MOVES-PD was a global Phase 2 study to assess the efficacy and safety of a drug called venglustat in Parkinson’s patients who have a GBA-1 genetic mutation. The pharmaceutical company Sanofi conducted the trial to determine if venglustat could change the course of the disease. When the final data was collected, however, the results of the study indicated that the drug had no impact on slowing the progression of the condition.  

Sanofi designed the MOVES-PD study, which involved 221 people with GBA-associated Parkinson’s being administered with either venglustat or a placebo treatment for one year, to determine if venglustat could improve performance of on clinical measures of disease progression (the Movement Disorder Society Unified Parkinson’s Disease Rating Scale, Parts II and III). Unfortunately, Sanofi have announced that the clinical trial has not demonstrated any improvements.

Find out more about GBA-associated Parkinson’s

Glucocerebrosidase (also known as GCase) is an enzyme that helps to break down and recycle old proteins and waste  within cells. The enzyme is located inside lysosomes, which are small bags of digestive enzymes. Lysosomes represent an important component of the waste disposal system of cells, and disruption of lysosomal function has been associated with many types of neurodegenerative diseases. The GCase enzyme is made from instructions provided by a region of DNA called the GBA-1 gene.

Variations in the GBA-1 gene represent one of the most common genetic risk factors associated with Parkinson’s. Individuals who are diagnosed with Parkinson’s and also carry a GBA-1 variant in their DNA typically have an earlier onset of symptoms and a faster progressing form of the condition (although this can vary between cases). Researchers refer to this form of the condition as GBA-associated Parkinson’s, and given the assumed underlying involvement of the Glucocerebrosidase (GCase) enzyme, a lot of research is now focused on this molecule.

It is estimated that as many as seven to ten percent of people living with Parkinson’s carry at least one GBA-1 mutation.

Why is GBA-associated Parkinson’s such an important target?

If you have met one person with Parkinson’s, you have only met one form of this disease as each person presents with their own combination of symptoms.  Recently a better understanding of the genetics underlying some cases of Parkinson’s has pointed towards certain aspects of biology that can be targeted in our hunt for better treatment. It has also allowed us to propose different ‘sub-types’ of Parkinson’s that we may be better able to treat with new therapeutics.

GBA-associated Parkinson’s represents one of these potential sub-types of Parkinson’s, and numerous treatment approaches are now being tested on this group of the Parkinson’s community. If one of these novel therapies allows us to slow or halt the progression of GBA-associated Parkinson’s, it will provide proof that a targeted approach can be applied to the disease and encourage further research into other subtypes.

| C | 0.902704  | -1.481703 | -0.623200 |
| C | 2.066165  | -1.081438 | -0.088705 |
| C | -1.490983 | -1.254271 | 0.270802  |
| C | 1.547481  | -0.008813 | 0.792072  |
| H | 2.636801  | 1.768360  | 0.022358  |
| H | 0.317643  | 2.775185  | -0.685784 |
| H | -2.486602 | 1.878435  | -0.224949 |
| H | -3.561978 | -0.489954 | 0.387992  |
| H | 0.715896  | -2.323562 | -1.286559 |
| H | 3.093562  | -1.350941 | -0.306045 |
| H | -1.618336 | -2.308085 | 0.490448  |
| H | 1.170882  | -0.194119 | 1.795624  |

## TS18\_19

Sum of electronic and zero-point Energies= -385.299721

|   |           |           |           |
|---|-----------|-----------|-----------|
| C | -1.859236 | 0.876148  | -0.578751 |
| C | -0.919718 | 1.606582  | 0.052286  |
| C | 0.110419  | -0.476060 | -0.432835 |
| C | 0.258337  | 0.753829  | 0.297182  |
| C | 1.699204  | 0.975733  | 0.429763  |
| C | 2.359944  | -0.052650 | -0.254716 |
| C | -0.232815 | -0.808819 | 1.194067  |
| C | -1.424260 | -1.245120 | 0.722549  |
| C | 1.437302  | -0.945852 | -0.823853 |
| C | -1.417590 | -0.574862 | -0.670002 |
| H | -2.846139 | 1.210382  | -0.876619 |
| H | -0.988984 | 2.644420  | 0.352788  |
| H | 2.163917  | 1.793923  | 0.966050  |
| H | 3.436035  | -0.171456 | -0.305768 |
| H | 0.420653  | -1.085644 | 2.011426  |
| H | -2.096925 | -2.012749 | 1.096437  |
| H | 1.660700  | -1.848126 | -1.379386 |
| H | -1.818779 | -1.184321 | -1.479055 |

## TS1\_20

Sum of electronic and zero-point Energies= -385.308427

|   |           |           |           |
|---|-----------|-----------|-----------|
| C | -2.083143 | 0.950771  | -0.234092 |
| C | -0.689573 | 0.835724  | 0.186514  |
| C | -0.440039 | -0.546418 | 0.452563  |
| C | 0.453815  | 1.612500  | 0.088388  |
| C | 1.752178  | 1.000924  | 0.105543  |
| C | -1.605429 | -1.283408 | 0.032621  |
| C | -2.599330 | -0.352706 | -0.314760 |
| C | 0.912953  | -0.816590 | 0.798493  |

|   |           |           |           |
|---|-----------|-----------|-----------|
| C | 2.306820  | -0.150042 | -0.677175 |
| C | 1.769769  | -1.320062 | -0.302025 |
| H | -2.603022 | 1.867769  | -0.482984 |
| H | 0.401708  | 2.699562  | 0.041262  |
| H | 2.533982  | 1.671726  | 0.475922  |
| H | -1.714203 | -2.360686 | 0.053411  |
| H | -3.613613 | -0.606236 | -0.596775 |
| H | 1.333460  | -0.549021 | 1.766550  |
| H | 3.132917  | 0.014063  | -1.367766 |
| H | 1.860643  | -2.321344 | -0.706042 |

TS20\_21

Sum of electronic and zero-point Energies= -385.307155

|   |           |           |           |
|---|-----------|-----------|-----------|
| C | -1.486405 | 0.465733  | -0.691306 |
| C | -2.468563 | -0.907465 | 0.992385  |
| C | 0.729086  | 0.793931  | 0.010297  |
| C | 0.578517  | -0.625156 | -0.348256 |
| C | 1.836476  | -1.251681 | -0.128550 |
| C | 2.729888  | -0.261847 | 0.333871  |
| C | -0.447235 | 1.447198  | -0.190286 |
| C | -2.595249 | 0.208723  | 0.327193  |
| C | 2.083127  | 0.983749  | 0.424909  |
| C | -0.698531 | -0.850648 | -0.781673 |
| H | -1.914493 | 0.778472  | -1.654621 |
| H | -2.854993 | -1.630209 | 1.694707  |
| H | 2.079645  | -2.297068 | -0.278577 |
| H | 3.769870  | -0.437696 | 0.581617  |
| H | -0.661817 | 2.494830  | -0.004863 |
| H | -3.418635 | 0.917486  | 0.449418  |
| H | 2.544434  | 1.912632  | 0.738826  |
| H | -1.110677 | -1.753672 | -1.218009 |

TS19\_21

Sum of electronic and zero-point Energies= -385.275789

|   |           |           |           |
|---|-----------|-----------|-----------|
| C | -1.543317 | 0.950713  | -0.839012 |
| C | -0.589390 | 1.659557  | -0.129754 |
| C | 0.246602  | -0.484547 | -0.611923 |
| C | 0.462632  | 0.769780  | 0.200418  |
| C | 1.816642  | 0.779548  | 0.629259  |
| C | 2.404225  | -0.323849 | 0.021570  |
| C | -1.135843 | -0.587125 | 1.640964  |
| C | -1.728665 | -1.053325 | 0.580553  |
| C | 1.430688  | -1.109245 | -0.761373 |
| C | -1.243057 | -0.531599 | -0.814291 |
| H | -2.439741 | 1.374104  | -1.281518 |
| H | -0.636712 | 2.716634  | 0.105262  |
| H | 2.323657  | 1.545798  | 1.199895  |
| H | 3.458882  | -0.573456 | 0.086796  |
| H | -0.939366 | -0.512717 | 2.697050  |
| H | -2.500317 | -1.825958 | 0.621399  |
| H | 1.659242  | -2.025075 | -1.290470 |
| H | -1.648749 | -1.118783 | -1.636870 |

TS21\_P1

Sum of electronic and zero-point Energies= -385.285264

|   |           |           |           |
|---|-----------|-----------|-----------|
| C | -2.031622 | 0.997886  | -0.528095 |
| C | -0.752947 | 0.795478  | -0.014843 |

Read more about venglustat and Parkinson’s

Venglustat is a drug that has been developed to reduce the production of the molecule glucosylceramide that the Parkinson’s-associated GCase enzyme degrades. In extensive research in pre-clinical models of Parkinson’s, it was shown that venglustat decreased levels of glucosylceramide, resulting in less stress on nerve cells that had the GBA-1 genetic risk factor for Parkinson’s. The hypothesis was that by reducing excess glucosylceramide accumulation in cells, venglustat might prevent neurodegeneration and slow down the progression of the disease. After exhaustive preclinical research, it was decided to test venglustat in people with GBA-associated Parkinson’s.

Next steps:

Significant insights have been learnt from the MOVES-PD study and these will be taken forward to help with future trials in GBA-associated Parkinson’s. Sanofi has pledged to learn as much as it can from this study and share their findings with the Parkinson’s research community for the benefit of the field and to inform future studies.  They have planned to follow-up with participants over time and this data is crucial to better understand and explain the findings in more detail.

While the outcome of MOVES-PD was not what we had hoped, Sanofi remains committed to further analyses of the data and transparent communication with the Parkinson’s community.  The support of researchers and contribution of patients worldwide demonstrates a strong spirit of collaboration, and we will continue to honor this in our work.

Dr Pablo Sardi, R&D Director, Sanofi

Even though the venglustat trial has not been successful, the pipeline for GBA-associated Parkinson’s is rich with potential therapeutics targeting the GBA pathway, including:

Ambroxol, a repurposed drug, prioritised by Cure Parkinson’s International Linked Clinical Trials Committee (iLCT) in 2015 and commonly used in Europe as an anti-mucolytic respiratory medicine.

BIA 28-6156 is a GCase enzyme activator being developed by BIAL Biotech. After completing its Phase 1 safety clinical trial, it was prioritised by the iLCT committee in 2020 and will be moving into phase 2 trials in 2022.

PR001A is a gene therapy treatment being developed by Prevail Therapeutics. Gene therapy involves treating conditions with DNA rather than drugs, and the researchers are attempting to replace the faulty GBA-1 gene in the brains of people with GBA-associated Parkinson’s with a normal version of the gene. A five-year Phase 1/2a clinical trial is currently on-going in the U.S.


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